Naturally, the Los Angeles Times Fukushima-denier article was picked up for “curated” aggregation by LA Observed. “With anyone who uses Facebook exposed to bogus but viral hype about supposed high radiation levels, public officials and scientists have put out the word that for them the evidence is in,” a blog post read January 12, 2014. “Things are still dicey to be sure at the Fukushima Daiichi nuclear power — and likely to get worse before they get better. But that’s a separate question from whether Pacific fish are being seriously contaminated, and the threat of impact here is yet another separate issue.”
Science-challenged reactions to the peril posed by Fukushima to the Southland aren’t confined to mainstream legacy media and news aggregators. One LA Weekly editor opined soon after the meltdowns on her Facebook page that the effect here wouldn’t be worse than getting sunburn on her arm driving with an open window.
A blogger for LA Weekly, which this reporter freelanced for from 1986 to 2012, referred to Santa Monica rain which EnviroReporter.com tested at over five times background in April 2012 as “acid rain” in a blog post covering what we had discovered. When this reporter objected and asked that the word “acid” be removed because it wasn’t accurate or that I would have to correct the mistake in the post’s comments, the blogger became defensive.
“I think there’s a popular perception about acid rain simply being toxic rain, but I’ll change it,” he responded. “I fixed your niggles. It’s the last time I’m picking anything up from you though, given your threats.”
Threats? Asking for a stupid mistake to be corrected is a threat coming from someone he knew for years from mutually contributing to the now defunct Los Angeles CityBeat? He stayed true to his word, though, and nothing critical of the Fukushima fiasco and its impact here has come out of the ever-thinning paper since. The once vaunted LA Weekly now investigates stories like broken parking meters.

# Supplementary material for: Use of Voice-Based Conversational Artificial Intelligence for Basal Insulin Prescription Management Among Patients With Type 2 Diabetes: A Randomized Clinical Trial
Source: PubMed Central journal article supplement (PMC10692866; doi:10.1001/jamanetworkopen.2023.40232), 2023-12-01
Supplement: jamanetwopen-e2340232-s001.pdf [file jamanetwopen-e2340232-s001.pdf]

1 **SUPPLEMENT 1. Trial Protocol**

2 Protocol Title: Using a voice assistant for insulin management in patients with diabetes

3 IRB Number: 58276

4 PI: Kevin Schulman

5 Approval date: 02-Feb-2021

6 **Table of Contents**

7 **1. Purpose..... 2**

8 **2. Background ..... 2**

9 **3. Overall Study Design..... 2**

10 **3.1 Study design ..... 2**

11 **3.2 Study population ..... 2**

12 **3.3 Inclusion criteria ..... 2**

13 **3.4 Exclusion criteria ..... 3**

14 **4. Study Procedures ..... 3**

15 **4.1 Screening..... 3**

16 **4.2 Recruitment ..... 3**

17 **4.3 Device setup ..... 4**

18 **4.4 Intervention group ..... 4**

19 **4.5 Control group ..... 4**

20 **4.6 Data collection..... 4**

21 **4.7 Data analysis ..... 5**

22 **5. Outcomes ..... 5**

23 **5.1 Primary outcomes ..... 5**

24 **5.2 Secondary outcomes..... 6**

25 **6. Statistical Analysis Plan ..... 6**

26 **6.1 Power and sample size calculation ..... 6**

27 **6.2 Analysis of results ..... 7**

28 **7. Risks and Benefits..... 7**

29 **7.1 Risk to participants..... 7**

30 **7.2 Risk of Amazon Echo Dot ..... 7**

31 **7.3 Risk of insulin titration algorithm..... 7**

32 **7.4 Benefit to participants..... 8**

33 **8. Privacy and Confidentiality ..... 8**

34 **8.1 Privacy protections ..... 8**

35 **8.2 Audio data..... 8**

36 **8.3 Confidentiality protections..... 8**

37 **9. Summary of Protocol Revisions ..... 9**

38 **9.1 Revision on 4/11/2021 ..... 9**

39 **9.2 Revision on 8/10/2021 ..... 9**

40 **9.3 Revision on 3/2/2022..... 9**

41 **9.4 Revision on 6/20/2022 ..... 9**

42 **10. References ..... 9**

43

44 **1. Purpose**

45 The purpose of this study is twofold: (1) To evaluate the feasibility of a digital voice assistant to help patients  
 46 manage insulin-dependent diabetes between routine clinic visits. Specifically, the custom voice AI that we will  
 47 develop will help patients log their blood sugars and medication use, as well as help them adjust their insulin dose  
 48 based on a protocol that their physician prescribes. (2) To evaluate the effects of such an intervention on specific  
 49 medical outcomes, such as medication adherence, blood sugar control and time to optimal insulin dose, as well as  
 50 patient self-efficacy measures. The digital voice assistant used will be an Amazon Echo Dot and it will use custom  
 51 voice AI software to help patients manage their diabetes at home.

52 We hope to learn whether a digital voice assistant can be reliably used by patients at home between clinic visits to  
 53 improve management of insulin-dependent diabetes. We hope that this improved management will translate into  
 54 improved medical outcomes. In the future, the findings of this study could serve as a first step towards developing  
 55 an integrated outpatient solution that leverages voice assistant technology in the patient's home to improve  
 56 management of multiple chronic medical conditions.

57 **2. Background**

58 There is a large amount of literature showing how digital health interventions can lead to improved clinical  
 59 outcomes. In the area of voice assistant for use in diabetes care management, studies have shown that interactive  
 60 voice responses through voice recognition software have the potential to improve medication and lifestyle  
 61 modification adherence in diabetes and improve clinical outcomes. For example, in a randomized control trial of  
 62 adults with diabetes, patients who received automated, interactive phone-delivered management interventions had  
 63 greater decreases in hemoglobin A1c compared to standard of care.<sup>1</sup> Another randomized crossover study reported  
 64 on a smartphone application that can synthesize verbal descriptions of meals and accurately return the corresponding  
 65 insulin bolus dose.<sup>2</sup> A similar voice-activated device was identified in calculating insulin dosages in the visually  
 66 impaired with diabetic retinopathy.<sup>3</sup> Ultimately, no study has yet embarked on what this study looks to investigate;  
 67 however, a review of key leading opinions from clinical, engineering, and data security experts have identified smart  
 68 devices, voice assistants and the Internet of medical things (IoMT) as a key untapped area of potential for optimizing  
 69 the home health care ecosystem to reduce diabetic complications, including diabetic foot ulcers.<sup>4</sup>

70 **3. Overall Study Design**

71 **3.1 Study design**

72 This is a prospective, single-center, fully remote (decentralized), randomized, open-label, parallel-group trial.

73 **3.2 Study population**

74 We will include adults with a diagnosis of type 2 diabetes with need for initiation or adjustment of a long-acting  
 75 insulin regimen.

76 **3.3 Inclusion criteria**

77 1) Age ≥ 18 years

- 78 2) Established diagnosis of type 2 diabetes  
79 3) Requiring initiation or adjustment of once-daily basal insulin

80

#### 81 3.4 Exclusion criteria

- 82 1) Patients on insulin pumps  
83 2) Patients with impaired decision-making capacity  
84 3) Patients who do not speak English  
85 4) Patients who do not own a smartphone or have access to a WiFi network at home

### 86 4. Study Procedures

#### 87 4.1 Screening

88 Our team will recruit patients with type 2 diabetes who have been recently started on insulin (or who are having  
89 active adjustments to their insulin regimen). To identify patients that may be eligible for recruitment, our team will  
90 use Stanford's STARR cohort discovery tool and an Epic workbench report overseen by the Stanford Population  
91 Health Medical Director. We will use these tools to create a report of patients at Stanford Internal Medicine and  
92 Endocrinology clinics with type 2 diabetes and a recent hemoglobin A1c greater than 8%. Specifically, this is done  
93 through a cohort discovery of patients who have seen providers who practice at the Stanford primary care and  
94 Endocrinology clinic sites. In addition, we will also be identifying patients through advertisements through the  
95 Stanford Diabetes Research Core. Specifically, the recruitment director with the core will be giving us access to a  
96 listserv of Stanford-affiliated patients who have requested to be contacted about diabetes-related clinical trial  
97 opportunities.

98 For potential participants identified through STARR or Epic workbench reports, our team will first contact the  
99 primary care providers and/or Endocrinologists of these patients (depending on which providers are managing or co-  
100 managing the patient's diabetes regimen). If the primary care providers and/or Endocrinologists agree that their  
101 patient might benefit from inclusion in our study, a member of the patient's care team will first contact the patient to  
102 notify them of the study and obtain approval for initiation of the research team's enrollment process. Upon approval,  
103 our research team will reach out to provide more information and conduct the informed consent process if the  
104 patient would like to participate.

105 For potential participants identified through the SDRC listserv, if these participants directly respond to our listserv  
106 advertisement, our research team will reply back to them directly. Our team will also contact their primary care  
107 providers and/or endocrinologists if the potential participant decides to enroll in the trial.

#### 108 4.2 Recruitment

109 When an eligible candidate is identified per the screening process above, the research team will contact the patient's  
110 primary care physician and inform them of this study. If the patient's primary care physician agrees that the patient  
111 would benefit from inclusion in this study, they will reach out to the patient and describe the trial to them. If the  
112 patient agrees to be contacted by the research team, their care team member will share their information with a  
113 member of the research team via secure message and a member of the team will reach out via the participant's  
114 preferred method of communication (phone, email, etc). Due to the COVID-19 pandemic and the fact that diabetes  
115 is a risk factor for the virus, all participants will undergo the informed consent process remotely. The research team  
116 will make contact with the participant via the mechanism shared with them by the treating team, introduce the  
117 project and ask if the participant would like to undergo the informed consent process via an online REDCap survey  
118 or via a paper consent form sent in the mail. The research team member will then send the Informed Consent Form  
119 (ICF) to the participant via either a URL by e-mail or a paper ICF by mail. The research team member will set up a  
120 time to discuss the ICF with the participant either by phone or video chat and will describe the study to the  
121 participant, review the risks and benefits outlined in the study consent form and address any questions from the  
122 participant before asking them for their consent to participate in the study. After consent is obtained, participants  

Perhaps the blogger, who had previously won a Pulitzer Prize no less with a team of reporters at the Los Angeles Times, should be given some slack considering the shape of science knowledge in the United States at large. In short, the country is as dumb as a stump when it comes to all things scientific.
A National Science Foundation survey of 2,200 Americans released in early February found that 26 percent of those surveyed incorrectly answered the question “Does the Earth go around the Sun, or does the Sun go around the Earth.” The same survey found that only 48 percent thought that human beings “developed from earlier species of animals.”
Results from a 2012 Program for International Student Assessment showed this race to the bottom is nothing new and getting worse. U.S. students fell behind 29 nations and jurisdictions worldwide in mathematics, falling six slots from 23 just three years prior. Science acumen had American pupils placed behind 22 other education systems in the 2012 survey.
Even mountains of money thrown at American kids’ educations refuse to budge their rankings. Spending more than most countries on our students, about $115,000 per pupil, hasn’t amounted to much. Slovak kids perform at the same level as American ones with a per student expenditure of around $53,000 per pupil (which is less than half for any arithmetically challenged American reading this).
This ignorance isn’t confined to legacy media or U.S. students. One particularly snarky Internet host, “TakePart Live” presenter Jacob Soboroff, hit a new low in a web video called Paranoia of the Deep in February. But Soboroff’s laughable antics harassing fishermen with a Geiger counter to prove his point too could be partially forgiven because of the nonsense he got in an interview with Colin Hill, a professor of radiobiology at the Keck School of Medicine of the University of Southern California according to TakePart Live.
Soboroff showed Hill a newly purchased Geiger counter which was reading background outside the medical school and asked if it was anything to be worried about. “It would need to be showing tens of thousands of them,” Dr. Hill said. “It would be 10,000 instead of 0.1.”